Jonathan Gruber, an economist, is hoping the Cadillac plan tax will lead to more debate about the how the U.S. health insurance system works.
Gruber, an architect of the Massachusetts health insurance exchange and the Patient Protection and Affordable Care Act (PPACA) exchange system, and the man known for saying PPACA was designed to get past the “stupidity of the American voter,” talked about the future of U.S. health benefits tax policy today during a webinar organized by Sun Life Financial (TSX:SLF).
Sun Life put Gruber on a panel with Michael Cannon, a health policy specialist at the Cato Institute.
The Cadillac plan tax is set to impose a 40 percent on “high-cost employer-sponsored health coverage” starting in 2018. The moderator asked Gruber about some employers’ intention to do anything possible to avoid the Cadillac plan tax.
Gruber said the real problem with current U.S. health tax policy is that the employer-sponsored health exclusion tends to help higher income people more than the lower-income people who actually need help the most, and that some other health programs, including the health savings account (HSA), reflect efforts to offset the effects of the existing tax bias.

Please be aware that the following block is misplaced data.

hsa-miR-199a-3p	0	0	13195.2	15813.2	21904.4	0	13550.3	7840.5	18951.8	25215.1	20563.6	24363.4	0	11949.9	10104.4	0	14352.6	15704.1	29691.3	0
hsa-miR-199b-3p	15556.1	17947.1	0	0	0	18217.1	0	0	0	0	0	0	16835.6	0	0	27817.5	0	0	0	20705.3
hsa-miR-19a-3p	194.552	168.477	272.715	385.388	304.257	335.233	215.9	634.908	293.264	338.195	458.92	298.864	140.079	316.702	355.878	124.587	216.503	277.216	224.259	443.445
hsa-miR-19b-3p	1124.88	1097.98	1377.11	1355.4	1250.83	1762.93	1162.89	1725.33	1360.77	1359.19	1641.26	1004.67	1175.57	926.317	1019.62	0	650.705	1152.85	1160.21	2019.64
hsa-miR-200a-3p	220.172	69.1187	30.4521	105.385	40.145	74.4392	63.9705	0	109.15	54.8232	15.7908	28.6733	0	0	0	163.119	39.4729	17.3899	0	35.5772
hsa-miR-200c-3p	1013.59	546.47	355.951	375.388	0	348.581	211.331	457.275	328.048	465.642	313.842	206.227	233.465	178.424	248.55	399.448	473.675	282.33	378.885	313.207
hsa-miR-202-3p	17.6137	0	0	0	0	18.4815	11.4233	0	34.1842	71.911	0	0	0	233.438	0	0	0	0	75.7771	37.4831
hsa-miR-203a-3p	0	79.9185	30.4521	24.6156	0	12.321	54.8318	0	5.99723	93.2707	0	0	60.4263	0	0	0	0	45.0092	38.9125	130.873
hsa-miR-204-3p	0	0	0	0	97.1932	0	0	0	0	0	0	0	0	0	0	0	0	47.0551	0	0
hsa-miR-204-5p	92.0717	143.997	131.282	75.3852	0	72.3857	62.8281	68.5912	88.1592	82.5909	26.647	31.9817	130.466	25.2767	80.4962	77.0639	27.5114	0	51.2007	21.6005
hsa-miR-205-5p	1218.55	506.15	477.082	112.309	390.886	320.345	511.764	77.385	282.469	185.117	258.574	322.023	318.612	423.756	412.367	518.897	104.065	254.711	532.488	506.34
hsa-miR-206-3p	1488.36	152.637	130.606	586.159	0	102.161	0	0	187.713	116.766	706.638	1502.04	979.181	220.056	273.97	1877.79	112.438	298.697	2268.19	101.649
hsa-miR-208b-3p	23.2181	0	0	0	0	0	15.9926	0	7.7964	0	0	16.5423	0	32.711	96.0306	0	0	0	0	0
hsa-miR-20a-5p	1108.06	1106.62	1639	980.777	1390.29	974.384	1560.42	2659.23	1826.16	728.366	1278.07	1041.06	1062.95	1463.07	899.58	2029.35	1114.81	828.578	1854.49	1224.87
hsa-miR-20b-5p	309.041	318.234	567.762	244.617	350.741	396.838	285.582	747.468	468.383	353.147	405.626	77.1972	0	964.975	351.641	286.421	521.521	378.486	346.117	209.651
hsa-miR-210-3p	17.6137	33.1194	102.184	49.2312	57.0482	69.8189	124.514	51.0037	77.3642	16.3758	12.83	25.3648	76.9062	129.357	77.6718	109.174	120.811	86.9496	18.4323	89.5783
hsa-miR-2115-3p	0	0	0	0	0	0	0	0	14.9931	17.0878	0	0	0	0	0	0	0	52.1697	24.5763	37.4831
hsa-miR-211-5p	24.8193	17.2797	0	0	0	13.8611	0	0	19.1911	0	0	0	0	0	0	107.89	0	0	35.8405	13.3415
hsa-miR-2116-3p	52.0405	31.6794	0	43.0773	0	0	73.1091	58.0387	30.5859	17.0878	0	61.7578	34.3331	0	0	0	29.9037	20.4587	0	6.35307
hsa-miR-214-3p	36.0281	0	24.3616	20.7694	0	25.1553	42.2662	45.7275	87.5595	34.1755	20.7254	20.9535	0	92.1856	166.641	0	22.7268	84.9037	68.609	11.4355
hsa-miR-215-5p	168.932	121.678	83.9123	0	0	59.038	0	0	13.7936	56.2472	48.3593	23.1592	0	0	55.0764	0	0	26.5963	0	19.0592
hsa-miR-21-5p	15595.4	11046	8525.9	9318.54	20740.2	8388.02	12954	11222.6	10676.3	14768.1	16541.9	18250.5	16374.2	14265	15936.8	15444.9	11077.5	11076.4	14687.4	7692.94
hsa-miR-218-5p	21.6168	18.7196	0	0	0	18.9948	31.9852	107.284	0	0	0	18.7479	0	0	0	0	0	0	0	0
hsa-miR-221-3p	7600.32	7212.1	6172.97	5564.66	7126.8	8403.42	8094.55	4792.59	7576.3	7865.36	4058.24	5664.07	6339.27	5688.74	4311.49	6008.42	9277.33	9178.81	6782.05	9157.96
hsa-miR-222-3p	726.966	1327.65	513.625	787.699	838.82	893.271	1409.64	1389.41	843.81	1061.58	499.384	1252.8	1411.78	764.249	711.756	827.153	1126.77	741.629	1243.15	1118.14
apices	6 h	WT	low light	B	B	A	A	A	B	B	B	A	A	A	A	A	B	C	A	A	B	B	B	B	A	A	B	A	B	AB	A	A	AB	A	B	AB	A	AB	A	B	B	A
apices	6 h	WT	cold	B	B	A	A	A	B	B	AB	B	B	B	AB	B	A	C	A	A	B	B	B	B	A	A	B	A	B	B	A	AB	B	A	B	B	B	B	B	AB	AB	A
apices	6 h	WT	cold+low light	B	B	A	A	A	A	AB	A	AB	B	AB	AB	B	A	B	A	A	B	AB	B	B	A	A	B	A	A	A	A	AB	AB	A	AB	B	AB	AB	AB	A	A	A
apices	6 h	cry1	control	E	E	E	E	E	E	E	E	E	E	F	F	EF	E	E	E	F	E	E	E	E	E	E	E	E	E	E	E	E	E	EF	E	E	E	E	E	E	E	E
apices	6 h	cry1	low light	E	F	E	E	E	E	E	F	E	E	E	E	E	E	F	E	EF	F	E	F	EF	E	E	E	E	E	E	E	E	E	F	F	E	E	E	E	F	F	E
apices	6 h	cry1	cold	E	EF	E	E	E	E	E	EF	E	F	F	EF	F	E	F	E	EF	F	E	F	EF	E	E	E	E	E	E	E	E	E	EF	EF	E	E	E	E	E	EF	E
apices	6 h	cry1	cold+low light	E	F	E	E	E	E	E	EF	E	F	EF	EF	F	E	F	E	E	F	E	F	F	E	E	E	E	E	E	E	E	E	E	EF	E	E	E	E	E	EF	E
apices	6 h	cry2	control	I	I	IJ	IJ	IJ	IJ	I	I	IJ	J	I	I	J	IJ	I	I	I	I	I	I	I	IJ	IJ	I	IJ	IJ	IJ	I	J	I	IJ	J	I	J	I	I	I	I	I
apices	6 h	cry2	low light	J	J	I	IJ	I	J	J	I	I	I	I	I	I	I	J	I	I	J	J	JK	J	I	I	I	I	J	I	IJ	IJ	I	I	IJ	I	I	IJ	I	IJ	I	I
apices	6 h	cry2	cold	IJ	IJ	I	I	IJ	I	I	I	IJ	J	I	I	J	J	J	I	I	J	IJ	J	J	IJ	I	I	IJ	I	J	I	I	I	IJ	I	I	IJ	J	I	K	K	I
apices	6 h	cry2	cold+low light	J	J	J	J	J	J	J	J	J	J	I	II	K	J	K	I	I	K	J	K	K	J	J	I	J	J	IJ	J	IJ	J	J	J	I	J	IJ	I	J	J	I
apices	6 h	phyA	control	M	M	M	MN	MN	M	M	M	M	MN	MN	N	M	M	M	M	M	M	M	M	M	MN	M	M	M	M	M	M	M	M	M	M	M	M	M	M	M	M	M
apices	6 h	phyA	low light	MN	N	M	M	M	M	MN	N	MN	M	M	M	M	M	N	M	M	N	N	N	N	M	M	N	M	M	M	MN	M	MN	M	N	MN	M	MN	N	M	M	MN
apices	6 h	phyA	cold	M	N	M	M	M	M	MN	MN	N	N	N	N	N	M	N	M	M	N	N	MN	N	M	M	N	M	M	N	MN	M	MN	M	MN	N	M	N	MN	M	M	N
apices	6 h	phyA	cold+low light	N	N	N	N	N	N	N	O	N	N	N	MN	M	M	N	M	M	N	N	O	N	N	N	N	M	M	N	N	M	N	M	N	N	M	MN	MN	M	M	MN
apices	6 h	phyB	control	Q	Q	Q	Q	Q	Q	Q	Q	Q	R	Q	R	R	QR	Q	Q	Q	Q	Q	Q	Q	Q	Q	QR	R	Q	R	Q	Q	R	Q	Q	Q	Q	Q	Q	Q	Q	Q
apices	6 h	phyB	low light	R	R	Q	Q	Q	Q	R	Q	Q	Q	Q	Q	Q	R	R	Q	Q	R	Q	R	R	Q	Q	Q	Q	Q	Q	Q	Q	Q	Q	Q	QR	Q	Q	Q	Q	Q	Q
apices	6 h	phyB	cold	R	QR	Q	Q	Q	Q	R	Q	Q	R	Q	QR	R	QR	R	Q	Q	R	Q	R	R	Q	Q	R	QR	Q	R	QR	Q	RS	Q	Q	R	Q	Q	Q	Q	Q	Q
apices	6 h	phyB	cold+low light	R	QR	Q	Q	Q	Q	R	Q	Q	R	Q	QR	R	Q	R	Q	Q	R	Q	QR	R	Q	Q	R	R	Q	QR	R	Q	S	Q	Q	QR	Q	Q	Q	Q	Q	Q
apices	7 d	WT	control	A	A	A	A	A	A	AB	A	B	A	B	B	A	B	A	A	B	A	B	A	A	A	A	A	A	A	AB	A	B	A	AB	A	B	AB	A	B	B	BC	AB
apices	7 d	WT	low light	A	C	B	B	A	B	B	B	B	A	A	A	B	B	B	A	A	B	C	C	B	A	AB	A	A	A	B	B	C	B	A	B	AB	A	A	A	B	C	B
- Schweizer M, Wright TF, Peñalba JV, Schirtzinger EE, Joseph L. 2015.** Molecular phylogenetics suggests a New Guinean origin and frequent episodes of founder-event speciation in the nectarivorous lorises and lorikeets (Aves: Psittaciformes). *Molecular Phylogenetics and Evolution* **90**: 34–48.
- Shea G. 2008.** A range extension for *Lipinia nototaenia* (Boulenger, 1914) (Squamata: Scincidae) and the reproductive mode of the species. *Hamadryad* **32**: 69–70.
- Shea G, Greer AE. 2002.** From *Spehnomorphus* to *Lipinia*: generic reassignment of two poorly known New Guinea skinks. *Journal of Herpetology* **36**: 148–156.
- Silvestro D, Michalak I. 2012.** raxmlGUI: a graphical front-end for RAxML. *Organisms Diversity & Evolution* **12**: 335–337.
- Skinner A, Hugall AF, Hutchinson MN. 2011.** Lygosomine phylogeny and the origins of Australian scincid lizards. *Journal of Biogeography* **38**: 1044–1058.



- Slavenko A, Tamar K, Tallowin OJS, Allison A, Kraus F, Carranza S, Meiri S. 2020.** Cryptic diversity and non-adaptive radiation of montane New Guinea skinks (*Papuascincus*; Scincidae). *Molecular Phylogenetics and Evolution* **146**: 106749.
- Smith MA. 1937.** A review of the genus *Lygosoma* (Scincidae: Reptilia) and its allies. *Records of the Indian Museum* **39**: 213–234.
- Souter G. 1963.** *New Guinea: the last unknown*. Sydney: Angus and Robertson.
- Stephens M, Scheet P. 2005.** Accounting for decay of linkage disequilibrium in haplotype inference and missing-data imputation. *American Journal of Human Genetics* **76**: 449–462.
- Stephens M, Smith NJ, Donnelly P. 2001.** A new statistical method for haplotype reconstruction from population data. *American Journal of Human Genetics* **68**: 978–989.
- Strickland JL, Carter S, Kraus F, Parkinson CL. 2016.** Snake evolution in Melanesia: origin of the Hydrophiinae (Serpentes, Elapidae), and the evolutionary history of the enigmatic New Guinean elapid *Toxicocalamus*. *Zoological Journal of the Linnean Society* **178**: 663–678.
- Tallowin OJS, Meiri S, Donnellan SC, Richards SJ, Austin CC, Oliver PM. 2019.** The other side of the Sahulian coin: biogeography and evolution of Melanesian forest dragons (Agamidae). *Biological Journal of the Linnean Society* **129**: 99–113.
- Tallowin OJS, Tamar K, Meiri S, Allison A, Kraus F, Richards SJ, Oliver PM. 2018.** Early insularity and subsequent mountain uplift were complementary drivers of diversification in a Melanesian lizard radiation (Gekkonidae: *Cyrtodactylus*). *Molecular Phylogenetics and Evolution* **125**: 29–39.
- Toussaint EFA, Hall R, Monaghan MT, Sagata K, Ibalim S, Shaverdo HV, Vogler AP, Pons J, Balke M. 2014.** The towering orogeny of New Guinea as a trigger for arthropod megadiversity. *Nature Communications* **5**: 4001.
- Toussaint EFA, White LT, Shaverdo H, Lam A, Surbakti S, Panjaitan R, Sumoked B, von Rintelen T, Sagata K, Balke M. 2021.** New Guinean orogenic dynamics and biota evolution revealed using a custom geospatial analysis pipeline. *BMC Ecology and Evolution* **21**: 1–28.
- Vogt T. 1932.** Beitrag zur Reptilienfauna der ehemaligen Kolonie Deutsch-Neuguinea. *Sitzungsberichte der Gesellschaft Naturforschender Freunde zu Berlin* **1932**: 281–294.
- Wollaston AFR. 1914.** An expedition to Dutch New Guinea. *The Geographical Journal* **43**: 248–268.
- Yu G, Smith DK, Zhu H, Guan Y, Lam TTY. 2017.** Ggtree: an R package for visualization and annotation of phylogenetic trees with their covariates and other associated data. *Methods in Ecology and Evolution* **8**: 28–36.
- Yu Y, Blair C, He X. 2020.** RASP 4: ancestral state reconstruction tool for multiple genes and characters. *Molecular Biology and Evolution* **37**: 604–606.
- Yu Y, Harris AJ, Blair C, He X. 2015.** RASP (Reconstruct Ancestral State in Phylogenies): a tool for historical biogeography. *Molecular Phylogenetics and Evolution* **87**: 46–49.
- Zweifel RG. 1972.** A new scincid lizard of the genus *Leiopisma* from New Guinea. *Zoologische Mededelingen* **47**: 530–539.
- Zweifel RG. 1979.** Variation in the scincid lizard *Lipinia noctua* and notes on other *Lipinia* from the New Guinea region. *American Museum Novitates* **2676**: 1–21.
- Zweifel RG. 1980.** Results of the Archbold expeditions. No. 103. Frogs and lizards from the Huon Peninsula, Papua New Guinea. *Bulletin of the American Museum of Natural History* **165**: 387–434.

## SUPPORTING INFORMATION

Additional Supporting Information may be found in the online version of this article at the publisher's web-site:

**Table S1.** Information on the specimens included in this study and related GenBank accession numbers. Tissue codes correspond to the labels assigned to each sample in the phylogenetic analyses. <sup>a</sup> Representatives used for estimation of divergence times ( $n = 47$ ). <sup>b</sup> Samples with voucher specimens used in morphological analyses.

“If we get rid of that bias, we really don’t need HSAs anymore,” Gruber said.
Also during the webinar:
Cannon said HHS should give more information about what it plans to do if it loses the King vs. Burwell (Case Number 14-114) U.S Supreme Court case, which could lead to a loss of the ability of HHS to offer PPACA premium tax credits through HHS-run exchanges. “They’re really treating people as pawns,” Cannon said.
Adam Russo, chief executive officer of The Phia Group L.L.C., a subrogation and claim recovery firm in Braintree, Mass., said the new “reference-based pricing” strategy — employers’ effort to play Priceline with health care, by naming a price and asking providers to match the price — works best for employers that can handle “a lot of noise.” “If you’re an employer that doesn’t like a lot of noise, it’s not for you,” he said. He added that, for a self-insured employer with a good plan lawyer, reference-based pricing should be viewed more as a tool for creating a “direct contracting” network than as a permanent structure. Whenever a plan member gets care from a good provider at the reference price, the lawyer should call to see if the provider will provide the same care for other plan members for the same price, Russo said.
The anonymous digital viewers started arguing in the webinar comment system about the value of benefits brokers. “Insurance brokers are one important [source of] waste in the system, because they have a major conflict of interest accepting money from the very people they are supposed to be negotiating against,” one viewer wrote. Other viewers eventually agreed that the way to avoid concerns about conflicts of interest is for employers to hire fee-based brokers. “If brokers are so valuable, then let them bill their clients directly,” a viewer said. “Get rid of all commissions from insurers.”